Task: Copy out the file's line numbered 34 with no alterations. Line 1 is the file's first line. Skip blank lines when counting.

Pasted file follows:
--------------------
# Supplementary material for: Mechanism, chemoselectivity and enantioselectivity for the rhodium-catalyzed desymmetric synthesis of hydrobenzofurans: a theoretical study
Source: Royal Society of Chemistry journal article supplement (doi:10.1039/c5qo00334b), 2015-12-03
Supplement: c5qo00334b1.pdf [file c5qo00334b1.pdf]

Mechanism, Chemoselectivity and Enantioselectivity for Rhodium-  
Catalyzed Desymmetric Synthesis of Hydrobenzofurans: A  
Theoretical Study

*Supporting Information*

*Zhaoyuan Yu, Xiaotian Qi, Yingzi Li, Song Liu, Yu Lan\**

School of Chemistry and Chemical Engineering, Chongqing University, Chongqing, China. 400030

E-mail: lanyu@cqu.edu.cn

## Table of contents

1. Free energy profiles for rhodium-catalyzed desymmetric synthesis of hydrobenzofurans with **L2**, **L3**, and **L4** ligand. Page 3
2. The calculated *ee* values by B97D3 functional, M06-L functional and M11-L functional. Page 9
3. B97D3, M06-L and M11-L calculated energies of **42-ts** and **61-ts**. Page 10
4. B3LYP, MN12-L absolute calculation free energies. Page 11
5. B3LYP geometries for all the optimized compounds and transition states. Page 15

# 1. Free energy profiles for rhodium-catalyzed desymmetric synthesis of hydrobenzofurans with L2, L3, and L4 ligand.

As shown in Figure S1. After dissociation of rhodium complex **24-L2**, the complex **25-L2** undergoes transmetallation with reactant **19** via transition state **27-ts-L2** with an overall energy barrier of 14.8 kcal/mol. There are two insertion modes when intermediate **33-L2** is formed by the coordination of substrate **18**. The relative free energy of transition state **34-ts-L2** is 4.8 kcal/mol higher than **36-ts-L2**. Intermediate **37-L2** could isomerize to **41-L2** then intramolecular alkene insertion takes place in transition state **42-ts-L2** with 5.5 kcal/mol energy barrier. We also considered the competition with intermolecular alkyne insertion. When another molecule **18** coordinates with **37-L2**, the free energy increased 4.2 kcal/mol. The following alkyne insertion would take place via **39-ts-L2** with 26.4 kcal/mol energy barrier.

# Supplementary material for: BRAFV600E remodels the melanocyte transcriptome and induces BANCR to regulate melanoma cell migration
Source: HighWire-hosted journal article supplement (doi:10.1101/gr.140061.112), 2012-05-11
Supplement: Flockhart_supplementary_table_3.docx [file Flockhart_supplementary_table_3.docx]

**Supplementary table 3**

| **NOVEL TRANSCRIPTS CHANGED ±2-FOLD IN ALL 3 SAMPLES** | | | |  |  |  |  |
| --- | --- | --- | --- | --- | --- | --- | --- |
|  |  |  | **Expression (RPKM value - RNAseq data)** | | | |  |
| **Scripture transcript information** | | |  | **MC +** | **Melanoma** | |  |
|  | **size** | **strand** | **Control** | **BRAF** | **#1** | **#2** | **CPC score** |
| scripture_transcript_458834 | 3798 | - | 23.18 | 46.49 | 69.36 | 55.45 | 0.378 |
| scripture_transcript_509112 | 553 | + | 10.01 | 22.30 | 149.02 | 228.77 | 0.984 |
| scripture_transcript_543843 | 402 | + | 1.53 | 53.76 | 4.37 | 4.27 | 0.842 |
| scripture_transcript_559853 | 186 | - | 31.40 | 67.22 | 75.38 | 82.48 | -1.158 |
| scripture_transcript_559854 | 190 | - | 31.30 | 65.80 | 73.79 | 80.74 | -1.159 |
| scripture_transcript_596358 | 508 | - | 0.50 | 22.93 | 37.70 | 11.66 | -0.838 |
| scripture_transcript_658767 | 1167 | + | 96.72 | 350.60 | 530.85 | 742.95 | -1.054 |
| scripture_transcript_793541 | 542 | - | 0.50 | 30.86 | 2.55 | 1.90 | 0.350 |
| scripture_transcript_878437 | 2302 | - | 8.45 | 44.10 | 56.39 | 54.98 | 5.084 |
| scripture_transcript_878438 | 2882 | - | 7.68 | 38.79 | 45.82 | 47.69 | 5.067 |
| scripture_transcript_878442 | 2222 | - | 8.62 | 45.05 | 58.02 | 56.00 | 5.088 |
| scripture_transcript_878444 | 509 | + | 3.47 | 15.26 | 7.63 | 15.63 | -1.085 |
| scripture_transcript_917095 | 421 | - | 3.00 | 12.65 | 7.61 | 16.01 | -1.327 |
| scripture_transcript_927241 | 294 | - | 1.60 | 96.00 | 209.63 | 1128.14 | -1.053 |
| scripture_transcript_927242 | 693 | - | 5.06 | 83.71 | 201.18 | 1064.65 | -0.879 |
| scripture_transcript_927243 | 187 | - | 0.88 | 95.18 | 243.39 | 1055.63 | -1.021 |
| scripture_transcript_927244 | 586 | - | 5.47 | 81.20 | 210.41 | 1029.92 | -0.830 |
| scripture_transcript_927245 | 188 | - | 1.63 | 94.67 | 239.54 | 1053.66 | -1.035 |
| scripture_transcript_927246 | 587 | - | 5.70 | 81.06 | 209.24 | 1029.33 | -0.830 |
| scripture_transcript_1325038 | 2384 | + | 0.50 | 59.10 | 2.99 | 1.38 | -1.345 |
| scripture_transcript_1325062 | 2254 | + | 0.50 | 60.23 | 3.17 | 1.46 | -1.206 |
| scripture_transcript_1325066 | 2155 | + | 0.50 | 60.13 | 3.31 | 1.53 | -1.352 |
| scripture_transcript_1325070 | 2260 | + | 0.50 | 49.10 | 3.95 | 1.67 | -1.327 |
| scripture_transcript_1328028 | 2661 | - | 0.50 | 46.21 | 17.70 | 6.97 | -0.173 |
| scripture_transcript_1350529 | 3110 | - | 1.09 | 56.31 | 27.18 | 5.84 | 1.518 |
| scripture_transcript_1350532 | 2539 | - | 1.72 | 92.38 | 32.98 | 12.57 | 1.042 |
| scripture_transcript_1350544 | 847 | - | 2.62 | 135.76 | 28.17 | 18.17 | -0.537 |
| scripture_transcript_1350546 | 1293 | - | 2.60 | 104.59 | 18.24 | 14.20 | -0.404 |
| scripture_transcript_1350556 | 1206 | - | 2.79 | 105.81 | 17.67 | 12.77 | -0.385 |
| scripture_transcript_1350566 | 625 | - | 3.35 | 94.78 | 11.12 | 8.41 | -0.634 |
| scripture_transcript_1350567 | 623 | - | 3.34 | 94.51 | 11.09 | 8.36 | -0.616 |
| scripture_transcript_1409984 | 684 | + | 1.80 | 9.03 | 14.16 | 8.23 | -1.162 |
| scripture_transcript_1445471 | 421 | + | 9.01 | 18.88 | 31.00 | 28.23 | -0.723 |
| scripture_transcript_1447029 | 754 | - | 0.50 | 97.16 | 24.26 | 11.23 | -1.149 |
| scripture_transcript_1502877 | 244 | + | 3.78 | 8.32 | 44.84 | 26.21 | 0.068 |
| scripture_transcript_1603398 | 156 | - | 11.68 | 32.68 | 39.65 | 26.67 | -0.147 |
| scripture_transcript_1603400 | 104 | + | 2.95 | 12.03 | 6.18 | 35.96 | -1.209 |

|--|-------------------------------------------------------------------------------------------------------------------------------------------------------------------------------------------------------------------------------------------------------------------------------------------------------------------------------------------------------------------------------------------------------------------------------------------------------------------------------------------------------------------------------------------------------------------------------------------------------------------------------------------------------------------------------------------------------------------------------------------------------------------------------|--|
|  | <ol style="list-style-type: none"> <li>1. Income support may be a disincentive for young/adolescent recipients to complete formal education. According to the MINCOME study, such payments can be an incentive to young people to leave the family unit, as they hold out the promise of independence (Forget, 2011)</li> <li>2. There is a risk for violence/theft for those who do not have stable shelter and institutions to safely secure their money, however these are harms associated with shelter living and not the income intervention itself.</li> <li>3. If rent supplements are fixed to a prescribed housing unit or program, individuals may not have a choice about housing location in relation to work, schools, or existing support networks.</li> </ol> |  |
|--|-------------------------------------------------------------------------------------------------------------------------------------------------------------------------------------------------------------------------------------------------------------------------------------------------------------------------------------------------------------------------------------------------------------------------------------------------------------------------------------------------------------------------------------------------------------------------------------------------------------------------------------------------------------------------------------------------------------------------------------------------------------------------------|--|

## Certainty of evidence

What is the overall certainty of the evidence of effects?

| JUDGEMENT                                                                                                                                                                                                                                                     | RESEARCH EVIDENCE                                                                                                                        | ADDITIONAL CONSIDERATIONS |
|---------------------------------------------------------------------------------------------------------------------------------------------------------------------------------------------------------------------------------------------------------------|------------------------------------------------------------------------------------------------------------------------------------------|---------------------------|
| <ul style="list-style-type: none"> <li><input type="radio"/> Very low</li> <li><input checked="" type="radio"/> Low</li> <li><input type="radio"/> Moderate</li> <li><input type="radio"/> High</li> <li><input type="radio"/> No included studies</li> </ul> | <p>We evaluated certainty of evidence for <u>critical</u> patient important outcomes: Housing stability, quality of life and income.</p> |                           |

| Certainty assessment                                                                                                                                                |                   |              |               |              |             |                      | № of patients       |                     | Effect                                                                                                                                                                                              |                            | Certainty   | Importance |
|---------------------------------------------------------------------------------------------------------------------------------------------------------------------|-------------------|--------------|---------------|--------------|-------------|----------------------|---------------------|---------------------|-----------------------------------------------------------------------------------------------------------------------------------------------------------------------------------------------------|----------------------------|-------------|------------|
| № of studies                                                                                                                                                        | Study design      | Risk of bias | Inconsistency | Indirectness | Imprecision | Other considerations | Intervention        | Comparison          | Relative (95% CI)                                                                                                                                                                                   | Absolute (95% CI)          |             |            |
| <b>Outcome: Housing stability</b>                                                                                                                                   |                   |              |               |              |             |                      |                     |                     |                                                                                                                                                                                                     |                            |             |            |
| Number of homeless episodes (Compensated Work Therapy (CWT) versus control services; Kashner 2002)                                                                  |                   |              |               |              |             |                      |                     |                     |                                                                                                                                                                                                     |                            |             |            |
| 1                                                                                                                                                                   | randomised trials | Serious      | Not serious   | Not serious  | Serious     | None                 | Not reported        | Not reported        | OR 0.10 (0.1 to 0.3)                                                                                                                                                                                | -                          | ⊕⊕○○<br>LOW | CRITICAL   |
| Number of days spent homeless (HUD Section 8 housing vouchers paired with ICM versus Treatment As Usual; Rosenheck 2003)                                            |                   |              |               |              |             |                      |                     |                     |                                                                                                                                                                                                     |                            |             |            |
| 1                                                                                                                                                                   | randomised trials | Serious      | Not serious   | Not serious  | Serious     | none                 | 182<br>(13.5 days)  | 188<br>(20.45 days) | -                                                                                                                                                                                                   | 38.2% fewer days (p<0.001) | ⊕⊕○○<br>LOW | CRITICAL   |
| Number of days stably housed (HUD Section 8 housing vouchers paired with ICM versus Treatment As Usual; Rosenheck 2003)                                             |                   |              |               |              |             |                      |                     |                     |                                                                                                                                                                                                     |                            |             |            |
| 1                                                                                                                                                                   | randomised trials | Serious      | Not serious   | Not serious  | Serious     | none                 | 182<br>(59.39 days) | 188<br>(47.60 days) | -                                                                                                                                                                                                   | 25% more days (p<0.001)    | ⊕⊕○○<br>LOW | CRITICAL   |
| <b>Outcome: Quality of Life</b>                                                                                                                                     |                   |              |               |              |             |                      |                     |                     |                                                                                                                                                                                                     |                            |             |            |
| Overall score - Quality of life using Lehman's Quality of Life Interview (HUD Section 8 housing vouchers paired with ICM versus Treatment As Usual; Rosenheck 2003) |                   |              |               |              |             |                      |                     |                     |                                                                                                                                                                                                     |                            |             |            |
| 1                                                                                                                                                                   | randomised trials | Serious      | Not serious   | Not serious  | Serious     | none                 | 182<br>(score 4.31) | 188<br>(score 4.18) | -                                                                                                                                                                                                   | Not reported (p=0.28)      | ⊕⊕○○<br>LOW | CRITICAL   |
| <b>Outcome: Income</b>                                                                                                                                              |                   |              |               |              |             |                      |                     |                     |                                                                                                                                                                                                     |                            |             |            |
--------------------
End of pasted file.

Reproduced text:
| scripture_transcript_658767 | 1167 | + | 96.72 | 350.60 | 530.85 | 742.95 | -1.054 |